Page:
Hormone Therapies May Have Adverse CV Effects in Transgender Adults
Data are lacking as to the CV effects of cross-sex hormone therapy, but a new review says the topic warrants attention to avoid gaps in care.
When transgender individuals take cross-sex hormone therapy (CSHT), their cardiovascular risk factors are altered, according to a new review.
Physicians know the importance of monitoring risk factors in general, but a “dearth of research and evidence-based guidelines remains regarding [transgender] specific health needs,” write lead author Carl G. Streed Jr, MD (Brigham and Women’s Hospital, Boston, MA), and colleagues. “The lack of research to characterize [CVD itself] and CVD risk factors in transgender populations receiving CSHT limits appropriate primary and specialty care.”
To TCTMD, Streed explained that clinicians encounter transgender patients more than they realize. “Even if you are not the physician who’s prescribing the hormone therapy, you are going to be managing a lot of their other conditions,” he said. Streed also pointed out that primary care doctors will be helping this patient population in numerous ways, like managing their blood pressure and lipid levels, so he feels that it’s important for clinicians to understand the implications of CSHT for overall care.
This paper, he said, emphasizes to cardiologists that “they are part of trans healthcare and that they should see themselves as working with primary care, working with endocrinology and such, to help allow individuals to have the healthiest transition they can.”
Cardiologists should be “making informed decisions based on what limited research they have,” Streed urged, while investigators need to be “devising research studies that look into the nitty gritty of what cross-sex hormone therapy does for trans individuals from a cardiac perspective.”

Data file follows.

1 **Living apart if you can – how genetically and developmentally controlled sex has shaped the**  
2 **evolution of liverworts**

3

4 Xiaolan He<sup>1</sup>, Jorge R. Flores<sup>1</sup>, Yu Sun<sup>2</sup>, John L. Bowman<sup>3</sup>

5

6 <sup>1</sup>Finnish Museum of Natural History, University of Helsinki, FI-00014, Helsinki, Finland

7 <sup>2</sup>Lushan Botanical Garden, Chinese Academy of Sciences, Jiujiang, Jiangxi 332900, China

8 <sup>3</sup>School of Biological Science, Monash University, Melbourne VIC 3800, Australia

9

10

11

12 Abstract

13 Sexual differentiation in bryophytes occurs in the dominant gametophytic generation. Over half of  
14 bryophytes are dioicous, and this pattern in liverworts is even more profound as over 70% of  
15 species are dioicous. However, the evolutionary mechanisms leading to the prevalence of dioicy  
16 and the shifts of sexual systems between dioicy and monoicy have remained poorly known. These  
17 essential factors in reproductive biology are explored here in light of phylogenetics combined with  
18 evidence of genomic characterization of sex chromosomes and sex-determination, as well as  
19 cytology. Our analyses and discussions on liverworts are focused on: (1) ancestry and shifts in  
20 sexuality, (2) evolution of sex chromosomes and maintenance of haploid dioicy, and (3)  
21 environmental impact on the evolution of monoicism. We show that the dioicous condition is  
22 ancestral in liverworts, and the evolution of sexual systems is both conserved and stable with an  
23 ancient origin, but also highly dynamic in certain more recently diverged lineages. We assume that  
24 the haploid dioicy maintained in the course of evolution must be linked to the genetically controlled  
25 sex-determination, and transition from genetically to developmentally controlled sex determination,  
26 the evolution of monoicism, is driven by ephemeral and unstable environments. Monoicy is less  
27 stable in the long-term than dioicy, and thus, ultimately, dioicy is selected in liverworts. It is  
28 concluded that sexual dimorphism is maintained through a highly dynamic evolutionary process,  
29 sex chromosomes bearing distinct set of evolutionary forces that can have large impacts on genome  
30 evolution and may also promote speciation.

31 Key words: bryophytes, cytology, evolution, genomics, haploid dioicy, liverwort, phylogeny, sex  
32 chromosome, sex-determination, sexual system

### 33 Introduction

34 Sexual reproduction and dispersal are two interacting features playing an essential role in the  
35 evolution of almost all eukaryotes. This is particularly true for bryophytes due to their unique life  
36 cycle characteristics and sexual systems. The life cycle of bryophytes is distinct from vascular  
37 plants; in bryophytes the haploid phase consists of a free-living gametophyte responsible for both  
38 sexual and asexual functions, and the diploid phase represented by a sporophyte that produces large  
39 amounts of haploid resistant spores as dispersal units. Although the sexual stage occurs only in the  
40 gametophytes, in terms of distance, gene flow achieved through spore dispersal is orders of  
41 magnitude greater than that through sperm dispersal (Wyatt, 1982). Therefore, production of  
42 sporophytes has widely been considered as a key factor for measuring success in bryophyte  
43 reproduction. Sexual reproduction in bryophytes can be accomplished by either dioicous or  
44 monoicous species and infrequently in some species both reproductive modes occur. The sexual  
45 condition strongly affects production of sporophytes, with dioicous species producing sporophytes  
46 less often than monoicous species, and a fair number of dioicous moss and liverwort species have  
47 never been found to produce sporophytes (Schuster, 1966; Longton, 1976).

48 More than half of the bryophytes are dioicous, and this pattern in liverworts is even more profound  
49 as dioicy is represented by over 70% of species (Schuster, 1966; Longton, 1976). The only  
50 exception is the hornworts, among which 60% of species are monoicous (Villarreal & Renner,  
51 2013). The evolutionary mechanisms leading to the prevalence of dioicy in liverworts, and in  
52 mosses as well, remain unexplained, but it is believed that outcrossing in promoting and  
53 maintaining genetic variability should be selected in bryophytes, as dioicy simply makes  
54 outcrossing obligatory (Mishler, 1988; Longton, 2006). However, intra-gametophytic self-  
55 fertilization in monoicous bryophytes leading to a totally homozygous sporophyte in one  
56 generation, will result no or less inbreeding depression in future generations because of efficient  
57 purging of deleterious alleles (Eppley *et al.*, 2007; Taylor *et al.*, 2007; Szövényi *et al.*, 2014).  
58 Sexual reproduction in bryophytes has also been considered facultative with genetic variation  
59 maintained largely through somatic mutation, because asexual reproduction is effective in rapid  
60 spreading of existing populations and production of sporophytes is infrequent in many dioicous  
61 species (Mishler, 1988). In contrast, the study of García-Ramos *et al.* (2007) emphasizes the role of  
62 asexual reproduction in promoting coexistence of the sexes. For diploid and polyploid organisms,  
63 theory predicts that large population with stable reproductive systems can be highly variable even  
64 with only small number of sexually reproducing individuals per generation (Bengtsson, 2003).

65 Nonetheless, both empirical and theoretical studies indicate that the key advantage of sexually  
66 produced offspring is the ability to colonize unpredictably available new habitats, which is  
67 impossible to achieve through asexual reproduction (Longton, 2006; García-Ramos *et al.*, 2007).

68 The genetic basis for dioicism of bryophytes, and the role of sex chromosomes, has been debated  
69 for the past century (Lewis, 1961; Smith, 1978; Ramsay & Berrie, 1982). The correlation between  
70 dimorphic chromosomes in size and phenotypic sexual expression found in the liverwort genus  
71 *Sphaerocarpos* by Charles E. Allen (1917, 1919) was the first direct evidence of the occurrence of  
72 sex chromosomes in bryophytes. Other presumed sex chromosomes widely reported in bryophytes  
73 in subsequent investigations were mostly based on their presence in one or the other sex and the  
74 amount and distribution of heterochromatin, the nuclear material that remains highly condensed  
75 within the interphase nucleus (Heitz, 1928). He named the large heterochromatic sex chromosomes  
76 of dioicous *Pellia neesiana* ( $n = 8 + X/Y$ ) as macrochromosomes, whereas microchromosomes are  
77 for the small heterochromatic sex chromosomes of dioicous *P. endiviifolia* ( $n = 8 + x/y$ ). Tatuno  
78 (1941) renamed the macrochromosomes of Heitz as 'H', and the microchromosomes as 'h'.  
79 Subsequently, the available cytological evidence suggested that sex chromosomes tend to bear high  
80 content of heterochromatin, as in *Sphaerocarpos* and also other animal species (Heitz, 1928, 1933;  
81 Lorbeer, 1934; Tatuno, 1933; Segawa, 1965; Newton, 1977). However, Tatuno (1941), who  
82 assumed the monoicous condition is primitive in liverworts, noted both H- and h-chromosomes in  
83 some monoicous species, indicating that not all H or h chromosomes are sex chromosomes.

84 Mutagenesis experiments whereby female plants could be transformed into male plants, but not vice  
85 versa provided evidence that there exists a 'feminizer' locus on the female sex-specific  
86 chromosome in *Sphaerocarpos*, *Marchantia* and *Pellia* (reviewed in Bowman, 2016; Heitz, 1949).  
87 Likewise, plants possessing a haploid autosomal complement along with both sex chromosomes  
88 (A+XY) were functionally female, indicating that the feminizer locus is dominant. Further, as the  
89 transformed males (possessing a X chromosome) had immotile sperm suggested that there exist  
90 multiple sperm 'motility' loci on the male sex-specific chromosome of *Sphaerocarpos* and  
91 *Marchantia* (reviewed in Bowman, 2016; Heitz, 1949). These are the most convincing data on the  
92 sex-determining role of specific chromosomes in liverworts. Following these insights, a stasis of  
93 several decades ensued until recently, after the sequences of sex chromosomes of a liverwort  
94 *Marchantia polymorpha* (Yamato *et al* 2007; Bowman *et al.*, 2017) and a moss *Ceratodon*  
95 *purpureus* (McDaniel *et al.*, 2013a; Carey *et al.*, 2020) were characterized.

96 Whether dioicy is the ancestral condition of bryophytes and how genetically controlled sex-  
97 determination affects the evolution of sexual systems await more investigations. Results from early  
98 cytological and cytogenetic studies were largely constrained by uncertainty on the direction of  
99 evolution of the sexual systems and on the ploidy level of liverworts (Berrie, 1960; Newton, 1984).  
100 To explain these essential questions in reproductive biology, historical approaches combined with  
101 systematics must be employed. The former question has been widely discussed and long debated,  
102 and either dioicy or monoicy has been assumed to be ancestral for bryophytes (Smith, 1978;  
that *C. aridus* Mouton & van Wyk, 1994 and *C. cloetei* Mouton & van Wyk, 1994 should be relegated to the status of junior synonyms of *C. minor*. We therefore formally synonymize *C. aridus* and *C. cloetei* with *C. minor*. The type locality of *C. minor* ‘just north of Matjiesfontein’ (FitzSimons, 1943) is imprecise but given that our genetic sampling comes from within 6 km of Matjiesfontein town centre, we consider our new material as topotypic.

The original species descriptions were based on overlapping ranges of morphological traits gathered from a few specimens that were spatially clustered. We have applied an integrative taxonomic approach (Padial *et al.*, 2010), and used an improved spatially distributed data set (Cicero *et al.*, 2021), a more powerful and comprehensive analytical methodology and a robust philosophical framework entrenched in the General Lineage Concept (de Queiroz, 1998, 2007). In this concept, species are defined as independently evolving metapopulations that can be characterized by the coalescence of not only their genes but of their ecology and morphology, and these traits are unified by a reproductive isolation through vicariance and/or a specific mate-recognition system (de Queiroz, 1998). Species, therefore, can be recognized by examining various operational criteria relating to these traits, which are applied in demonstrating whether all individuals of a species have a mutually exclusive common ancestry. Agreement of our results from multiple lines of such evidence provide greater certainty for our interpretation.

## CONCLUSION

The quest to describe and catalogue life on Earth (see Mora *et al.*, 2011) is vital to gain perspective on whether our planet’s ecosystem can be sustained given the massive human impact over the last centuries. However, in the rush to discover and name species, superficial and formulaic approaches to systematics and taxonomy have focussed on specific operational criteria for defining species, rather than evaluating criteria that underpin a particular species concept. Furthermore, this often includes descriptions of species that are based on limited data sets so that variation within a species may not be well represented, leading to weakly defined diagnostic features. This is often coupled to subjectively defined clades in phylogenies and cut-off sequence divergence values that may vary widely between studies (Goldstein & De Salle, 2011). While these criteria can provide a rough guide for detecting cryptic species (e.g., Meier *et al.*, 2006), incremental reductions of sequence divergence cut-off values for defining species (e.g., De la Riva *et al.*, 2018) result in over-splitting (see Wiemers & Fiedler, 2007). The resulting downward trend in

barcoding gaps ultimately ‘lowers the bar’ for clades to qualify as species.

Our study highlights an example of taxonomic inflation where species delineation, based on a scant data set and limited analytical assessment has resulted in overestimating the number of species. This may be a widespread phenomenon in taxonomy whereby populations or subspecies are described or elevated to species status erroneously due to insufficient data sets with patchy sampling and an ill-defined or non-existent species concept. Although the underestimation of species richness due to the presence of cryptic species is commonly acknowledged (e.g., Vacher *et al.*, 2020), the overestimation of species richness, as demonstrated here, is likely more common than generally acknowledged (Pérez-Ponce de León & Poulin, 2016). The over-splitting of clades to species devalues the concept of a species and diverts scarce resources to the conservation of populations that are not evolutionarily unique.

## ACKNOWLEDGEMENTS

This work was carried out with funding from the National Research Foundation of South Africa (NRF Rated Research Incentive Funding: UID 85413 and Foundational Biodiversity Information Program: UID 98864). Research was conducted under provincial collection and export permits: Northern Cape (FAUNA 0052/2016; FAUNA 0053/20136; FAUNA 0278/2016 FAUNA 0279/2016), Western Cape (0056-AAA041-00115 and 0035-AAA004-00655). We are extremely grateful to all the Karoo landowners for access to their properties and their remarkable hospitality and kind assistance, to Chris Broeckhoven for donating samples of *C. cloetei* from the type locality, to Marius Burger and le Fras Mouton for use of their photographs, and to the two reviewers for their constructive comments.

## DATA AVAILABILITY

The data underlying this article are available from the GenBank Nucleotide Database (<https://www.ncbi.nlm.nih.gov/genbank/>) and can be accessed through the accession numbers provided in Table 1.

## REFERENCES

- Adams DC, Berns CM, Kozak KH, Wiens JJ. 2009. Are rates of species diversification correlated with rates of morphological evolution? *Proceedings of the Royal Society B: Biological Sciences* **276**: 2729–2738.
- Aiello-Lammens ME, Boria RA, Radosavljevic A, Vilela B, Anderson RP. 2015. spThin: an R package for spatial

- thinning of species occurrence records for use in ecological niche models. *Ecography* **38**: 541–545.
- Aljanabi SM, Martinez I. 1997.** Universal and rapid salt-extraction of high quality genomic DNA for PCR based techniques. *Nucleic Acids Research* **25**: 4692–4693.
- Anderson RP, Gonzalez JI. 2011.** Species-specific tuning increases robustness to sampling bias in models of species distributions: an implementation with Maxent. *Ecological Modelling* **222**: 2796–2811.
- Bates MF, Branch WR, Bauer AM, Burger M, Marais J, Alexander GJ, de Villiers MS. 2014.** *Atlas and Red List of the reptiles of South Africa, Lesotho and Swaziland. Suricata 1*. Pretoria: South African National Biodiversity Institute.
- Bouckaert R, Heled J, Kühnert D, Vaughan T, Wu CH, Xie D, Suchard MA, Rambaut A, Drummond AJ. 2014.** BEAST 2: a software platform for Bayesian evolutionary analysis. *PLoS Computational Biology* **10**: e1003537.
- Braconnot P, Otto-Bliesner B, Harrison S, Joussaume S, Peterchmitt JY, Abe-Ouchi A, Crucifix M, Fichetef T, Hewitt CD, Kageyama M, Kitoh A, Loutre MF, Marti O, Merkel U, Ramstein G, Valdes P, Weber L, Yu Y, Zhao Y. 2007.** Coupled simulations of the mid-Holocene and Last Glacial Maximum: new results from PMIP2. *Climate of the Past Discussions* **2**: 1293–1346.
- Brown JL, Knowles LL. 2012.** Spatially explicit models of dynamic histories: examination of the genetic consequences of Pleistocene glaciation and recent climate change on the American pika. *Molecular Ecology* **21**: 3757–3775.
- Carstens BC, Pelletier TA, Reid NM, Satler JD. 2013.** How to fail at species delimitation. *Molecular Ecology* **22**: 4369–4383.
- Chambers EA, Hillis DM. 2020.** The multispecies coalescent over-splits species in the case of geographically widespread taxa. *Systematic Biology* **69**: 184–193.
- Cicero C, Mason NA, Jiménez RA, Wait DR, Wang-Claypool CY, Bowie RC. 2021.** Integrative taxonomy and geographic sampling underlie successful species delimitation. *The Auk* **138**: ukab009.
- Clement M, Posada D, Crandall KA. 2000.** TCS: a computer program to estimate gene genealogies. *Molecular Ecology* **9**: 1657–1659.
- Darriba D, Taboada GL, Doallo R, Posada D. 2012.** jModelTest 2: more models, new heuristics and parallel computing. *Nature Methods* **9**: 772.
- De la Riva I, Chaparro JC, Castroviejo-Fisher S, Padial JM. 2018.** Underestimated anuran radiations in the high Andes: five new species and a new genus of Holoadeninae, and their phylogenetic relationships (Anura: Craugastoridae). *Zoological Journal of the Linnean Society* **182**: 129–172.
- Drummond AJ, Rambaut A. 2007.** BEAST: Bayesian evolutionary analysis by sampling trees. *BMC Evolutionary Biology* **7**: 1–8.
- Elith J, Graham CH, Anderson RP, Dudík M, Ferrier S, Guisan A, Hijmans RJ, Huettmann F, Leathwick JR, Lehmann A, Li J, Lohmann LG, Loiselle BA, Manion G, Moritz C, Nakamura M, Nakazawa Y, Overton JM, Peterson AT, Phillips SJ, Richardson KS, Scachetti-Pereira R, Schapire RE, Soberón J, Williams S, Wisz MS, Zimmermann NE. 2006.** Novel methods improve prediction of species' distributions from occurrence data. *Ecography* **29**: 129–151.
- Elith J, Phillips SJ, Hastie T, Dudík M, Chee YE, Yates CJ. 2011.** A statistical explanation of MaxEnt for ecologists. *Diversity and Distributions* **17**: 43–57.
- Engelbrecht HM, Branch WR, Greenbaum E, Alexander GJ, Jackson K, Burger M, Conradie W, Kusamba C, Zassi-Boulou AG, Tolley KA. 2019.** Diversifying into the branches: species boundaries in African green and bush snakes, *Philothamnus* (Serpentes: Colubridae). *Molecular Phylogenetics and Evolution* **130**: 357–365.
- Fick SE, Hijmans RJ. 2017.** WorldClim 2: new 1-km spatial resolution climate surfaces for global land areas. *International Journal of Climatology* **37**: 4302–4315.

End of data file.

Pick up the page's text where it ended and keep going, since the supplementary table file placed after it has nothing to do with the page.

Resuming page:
Digging Deeper: Hormone Therapy and CV Health
For the paper, published online today in the Annals of Internal Medicine, Streed et al gathered data from 13 studies that assessed the connection between CSHT and CVD. They report five key findings:
1. CSHT is connected with improved psychological functioning of transgender individuals
2. CSHT, especially testosterone, is linked with worsening CV risk factors like blood pressure, insulin resistance, and lipid derangements among transgender men, but it is not associated with increases in CV morbidity or mortality
3. CSHT for transgender women poses possible thromboembolic risk, and lower-dose transdermal and oral bioidentical estrogen formulations are preferred to high-dose oral ethinyl estradiol formulations
4. Monitoring cardiovascular risk factors like hypertension, diabetes, and tobacco use is important in preventing CVD in transgender populations
5. Medical professionals need to closely follow older transgender women who have higher CV risks, regardless of age at initiation or duration of CSHT
While these hormones have been used for a very long time in cisgender individuals, even in that population it’s noteworthy “how little we really understood hormone therapy . . . , especially testosterone,” Streed said.
There is a need for randomized controlled trials going forward that specifically compare “various routes and formulations of CSHT, as well as the paucity of prospective cohort studies,” the investigators propose, because this gap “limits knowledge of the association between CSHT and CVD.”
In the future, “research should ideally be based on large prospective cohort studies that include cisgender men and women, transgender men and women receiving CSHT, and transgender men and women not receiving CSHT,” they conclude. “Such studies should be powered to evaluate differences among various CSHT regimens and should have sufficient follow-up to adequately assess cardiovascular outcomes, such as MI and stroke, which often require more than a decade for adequate power to be generated, especially given that transgender men tend to begin CSHT at a younger age than transgender women.”
Streed CG, Harfouch O, Marvel F, et al. Cardiovascular disease among transgender adults receiving hormone therapy. Ann Intern Med. 2017;Epub ahead of print.
- Streed has received funding support from an institutional National Research Service Award (T32HP10251), the Ryoichi Sasakawa Fellowship Fund, and the Brigham and Women's Hospital Division of General Internal Medicine and Primary Care.